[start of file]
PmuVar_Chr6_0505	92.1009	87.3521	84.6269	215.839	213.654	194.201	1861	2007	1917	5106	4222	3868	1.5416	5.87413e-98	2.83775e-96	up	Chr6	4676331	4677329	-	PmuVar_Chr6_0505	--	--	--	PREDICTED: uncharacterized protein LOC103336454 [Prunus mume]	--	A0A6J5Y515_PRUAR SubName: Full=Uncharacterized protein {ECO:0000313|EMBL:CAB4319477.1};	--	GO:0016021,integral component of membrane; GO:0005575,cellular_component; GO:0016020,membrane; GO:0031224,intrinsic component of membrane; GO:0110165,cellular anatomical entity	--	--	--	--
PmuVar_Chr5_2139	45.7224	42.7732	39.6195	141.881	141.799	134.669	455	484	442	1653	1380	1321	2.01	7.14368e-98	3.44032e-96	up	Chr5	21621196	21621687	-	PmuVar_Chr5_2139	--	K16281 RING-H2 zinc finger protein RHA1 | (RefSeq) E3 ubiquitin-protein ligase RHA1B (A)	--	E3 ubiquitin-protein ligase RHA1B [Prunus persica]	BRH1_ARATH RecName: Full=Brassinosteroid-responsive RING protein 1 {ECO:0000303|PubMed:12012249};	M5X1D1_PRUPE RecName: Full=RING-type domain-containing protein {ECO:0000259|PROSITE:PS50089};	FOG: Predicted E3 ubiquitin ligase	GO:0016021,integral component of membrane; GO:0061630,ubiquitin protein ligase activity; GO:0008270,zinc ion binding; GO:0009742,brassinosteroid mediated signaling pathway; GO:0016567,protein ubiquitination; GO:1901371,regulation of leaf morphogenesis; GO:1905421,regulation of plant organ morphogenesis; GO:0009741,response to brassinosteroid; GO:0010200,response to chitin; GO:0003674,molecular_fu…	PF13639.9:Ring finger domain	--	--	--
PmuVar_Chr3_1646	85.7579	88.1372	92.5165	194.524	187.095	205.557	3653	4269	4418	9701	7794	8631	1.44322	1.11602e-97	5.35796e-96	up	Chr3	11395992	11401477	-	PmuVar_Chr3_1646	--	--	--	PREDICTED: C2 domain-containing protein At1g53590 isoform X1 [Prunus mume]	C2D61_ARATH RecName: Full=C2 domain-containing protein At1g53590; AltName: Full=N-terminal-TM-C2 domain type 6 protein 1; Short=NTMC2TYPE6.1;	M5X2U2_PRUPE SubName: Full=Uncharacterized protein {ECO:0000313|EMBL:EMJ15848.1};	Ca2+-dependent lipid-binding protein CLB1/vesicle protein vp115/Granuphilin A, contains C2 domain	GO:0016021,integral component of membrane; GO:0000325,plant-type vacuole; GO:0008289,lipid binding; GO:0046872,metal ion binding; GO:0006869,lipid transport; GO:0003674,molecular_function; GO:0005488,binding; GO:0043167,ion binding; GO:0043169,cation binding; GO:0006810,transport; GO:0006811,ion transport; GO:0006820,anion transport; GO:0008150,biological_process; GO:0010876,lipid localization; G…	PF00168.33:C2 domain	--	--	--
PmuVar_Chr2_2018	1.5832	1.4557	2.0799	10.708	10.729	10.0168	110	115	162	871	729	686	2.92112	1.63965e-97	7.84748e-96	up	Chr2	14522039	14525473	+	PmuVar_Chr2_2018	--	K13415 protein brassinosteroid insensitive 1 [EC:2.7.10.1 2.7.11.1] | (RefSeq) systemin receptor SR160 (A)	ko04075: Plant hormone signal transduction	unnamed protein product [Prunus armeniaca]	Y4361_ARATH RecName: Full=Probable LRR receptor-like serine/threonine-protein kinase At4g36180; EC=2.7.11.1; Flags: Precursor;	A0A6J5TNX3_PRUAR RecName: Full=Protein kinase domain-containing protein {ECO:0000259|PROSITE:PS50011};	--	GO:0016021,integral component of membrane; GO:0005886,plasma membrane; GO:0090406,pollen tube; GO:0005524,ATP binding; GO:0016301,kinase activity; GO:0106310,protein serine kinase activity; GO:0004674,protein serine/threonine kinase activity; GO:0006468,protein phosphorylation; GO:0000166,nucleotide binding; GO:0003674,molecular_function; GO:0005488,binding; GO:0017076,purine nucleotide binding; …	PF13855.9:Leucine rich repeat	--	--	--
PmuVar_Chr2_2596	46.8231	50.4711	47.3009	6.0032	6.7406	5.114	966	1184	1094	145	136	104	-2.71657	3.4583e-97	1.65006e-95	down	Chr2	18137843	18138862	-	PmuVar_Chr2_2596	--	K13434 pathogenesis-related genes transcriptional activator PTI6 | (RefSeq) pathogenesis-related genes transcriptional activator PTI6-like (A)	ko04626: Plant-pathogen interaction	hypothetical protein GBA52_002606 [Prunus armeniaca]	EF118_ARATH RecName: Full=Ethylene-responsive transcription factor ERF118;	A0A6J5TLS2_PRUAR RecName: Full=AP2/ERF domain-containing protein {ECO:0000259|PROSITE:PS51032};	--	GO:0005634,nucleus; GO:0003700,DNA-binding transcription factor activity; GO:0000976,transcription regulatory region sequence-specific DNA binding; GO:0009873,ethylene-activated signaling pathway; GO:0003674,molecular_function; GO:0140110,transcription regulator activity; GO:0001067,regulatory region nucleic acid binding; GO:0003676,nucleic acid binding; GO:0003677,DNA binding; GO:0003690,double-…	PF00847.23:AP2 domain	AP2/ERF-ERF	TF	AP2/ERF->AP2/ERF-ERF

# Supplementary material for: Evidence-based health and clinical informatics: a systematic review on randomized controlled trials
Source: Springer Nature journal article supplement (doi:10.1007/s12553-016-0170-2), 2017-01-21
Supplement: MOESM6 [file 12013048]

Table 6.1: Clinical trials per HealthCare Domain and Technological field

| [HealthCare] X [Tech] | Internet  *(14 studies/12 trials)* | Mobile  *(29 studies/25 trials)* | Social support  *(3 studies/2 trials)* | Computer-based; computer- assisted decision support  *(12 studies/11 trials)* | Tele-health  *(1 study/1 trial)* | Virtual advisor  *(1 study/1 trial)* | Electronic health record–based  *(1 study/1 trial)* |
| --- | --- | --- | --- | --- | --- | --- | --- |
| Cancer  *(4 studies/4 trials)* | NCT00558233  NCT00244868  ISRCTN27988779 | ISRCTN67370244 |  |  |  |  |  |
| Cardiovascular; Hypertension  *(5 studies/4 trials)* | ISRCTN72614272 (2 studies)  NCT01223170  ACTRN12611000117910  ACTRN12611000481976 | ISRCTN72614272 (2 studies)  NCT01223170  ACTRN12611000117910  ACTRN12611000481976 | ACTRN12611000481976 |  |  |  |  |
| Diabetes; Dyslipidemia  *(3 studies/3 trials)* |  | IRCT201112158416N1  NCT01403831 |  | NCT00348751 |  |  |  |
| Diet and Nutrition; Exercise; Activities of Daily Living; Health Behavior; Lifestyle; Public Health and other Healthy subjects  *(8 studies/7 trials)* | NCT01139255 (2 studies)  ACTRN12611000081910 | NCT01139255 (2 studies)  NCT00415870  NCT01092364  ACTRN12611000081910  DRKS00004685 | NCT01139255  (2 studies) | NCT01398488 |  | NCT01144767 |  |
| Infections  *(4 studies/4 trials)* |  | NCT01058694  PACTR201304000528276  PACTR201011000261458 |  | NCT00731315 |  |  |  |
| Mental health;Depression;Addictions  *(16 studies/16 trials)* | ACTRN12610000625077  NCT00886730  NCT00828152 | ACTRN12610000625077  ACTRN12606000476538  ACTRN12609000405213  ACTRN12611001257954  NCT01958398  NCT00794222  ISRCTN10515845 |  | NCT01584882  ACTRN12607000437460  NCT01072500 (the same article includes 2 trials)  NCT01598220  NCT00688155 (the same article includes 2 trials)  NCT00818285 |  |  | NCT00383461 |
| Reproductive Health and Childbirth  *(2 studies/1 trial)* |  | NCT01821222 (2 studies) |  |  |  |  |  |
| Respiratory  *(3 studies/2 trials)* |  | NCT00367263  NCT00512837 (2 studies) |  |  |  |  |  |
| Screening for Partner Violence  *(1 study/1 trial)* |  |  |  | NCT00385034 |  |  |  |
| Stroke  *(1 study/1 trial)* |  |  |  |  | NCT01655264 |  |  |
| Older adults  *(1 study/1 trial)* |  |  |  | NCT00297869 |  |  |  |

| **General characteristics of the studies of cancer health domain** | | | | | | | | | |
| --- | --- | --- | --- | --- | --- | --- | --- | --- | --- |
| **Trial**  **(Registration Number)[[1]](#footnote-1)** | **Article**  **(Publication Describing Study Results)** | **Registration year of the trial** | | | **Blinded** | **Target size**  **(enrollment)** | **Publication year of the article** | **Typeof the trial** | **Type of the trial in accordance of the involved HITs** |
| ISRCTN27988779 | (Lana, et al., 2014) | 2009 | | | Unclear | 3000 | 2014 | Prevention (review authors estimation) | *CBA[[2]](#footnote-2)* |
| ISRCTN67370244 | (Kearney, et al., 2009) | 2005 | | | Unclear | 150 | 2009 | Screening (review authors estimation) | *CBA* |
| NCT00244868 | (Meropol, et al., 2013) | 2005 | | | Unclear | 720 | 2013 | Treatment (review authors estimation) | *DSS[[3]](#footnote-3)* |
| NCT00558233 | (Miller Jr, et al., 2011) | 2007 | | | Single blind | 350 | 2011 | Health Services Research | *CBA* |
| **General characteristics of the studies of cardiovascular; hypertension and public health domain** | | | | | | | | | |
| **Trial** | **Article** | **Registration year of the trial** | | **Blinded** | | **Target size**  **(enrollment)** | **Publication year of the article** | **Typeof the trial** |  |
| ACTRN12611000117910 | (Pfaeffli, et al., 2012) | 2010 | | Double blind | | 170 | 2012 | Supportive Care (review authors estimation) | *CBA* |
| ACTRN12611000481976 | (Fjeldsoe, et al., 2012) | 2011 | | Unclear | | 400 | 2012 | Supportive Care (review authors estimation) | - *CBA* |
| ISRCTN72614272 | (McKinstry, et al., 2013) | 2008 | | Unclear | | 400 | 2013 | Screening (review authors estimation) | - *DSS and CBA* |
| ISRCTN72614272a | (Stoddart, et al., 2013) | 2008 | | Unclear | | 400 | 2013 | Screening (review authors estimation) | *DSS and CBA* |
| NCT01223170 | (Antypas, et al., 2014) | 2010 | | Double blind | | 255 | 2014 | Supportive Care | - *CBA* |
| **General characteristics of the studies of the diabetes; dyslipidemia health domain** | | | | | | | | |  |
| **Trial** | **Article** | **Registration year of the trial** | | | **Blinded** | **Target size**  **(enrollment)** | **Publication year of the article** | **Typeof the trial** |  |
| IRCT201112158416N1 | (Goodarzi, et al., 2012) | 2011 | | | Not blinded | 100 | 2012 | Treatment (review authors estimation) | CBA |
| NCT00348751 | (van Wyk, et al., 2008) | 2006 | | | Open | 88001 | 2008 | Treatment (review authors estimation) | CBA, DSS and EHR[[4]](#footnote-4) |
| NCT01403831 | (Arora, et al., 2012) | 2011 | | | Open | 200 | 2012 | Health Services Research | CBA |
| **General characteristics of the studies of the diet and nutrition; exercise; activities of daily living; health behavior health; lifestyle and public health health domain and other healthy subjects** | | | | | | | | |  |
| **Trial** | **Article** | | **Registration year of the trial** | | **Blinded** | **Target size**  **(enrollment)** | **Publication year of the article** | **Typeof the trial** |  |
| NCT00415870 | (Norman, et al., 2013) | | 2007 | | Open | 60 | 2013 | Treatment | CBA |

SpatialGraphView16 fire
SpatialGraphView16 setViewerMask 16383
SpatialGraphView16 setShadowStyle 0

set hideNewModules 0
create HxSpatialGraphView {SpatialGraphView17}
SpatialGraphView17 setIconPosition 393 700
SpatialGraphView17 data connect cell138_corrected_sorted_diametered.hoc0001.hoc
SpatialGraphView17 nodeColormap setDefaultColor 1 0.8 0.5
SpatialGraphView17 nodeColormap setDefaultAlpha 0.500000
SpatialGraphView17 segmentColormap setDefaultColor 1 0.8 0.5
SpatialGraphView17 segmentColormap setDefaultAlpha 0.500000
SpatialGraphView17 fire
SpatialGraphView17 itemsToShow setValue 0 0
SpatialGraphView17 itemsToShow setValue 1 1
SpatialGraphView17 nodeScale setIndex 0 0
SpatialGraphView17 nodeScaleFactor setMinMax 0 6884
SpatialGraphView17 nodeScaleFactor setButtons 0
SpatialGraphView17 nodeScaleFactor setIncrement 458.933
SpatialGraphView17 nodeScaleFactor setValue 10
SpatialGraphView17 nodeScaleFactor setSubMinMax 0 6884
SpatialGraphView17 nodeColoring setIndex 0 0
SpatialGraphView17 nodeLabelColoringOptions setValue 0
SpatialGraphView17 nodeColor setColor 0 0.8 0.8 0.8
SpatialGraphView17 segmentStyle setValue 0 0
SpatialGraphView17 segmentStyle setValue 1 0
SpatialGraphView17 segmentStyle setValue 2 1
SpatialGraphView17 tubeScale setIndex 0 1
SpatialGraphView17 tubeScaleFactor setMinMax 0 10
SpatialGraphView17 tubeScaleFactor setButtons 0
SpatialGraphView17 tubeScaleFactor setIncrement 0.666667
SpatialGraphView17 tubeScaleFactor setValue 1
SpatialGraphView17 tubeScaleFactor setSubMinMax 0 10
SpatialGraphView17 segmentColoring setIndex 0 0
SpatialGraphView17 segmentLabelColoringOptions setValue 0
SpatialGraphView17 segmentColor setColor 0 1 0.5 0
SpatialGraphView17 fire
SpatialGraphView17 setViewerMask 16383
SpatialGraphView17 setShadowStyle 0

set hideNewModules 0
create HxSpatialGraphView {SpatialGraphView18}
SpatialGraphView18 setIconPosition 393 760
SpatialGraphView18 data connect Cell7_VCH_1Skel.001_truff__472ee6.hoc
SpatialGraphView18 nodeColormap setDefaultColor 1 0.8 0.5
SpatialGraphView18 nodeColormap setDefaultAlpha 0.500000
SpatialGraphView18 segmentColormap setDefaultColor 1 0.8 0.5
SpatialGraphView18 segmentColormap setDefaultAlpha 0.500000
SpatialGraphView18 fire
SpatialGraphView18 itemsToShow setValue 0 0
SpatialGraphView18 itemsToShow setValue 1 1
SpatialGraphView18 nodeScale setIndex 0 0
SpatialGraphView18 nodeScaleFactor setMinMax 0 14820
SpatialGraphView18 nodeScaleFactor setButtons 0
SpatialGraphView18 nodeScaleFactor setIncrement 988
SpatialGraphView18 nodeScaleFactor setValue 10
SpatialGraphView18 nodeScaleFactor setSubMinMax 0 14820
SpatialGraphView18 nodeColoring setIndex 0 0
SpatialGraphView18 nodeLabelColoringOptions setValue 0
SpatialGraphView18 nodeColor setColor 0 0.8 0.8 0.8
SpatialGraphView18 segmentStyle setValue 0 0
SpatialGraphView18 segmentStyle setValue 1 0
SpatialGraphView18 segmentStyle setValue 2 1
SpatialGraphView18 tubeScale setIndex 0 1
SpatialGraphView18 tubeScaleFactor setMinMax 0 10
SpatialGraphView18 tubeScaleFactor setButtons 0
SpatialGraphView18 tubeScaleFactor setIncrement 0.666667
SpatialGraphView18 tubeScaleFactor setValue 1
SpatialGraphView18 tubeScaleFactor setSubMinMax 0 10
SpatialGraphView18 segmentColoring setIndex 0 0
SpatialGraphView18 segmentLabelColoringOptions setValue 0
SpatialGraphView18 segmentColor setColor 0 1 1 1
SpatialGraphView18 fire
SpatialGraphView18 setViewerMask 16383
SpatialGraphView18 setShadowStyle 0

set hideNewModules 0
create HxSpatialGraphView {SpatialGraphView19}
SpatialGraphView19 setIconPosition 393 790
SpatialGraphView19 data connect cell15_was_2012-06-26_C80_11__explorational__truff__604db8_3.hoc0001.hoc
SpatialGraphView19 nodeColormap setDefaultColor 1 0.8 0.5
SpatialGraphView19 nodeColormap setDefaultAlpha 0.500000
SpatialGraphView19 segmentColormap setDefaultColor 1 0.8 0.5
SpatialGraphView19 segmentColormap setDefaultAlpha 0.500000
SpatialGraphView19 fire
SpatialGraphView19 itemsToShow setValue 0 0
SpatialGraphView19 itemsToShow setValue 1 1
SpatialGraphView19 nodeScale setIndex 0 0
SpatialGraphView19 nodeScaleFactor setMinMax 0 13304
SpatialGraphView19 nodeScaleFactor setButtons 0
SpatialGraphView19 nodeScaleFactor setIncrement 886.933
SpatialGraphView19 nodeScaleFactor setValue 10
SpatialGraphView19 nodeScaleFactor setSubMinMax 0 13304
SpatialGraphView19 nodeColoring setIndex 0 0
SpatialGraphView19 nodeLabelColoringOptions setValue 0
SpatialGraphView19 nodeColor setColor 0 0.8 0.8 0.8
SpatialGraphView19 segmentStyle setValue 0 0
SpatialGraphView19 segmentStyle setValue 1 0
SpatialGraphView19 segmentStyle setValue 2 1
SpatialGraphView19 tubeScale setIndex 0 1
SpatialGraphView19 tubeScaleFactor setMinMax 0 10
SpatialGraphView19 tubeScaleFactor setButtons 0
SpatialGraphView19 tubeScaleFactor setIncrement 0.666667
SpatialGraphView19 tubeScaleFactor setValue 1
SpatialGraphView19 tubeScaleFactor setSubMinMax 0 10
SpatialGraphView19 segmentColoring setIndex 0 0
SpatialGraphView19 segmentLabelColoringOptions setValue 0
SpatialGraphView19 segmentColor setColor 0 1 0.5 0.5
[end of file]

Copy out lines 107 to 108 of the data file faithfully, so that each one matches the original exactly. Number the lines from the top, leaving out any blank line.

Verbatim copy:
SpatialGraphView18 tubeScaleFactor setMinMax 0 10
SpatialGraphView18 tubeScaleFactor setButtons 0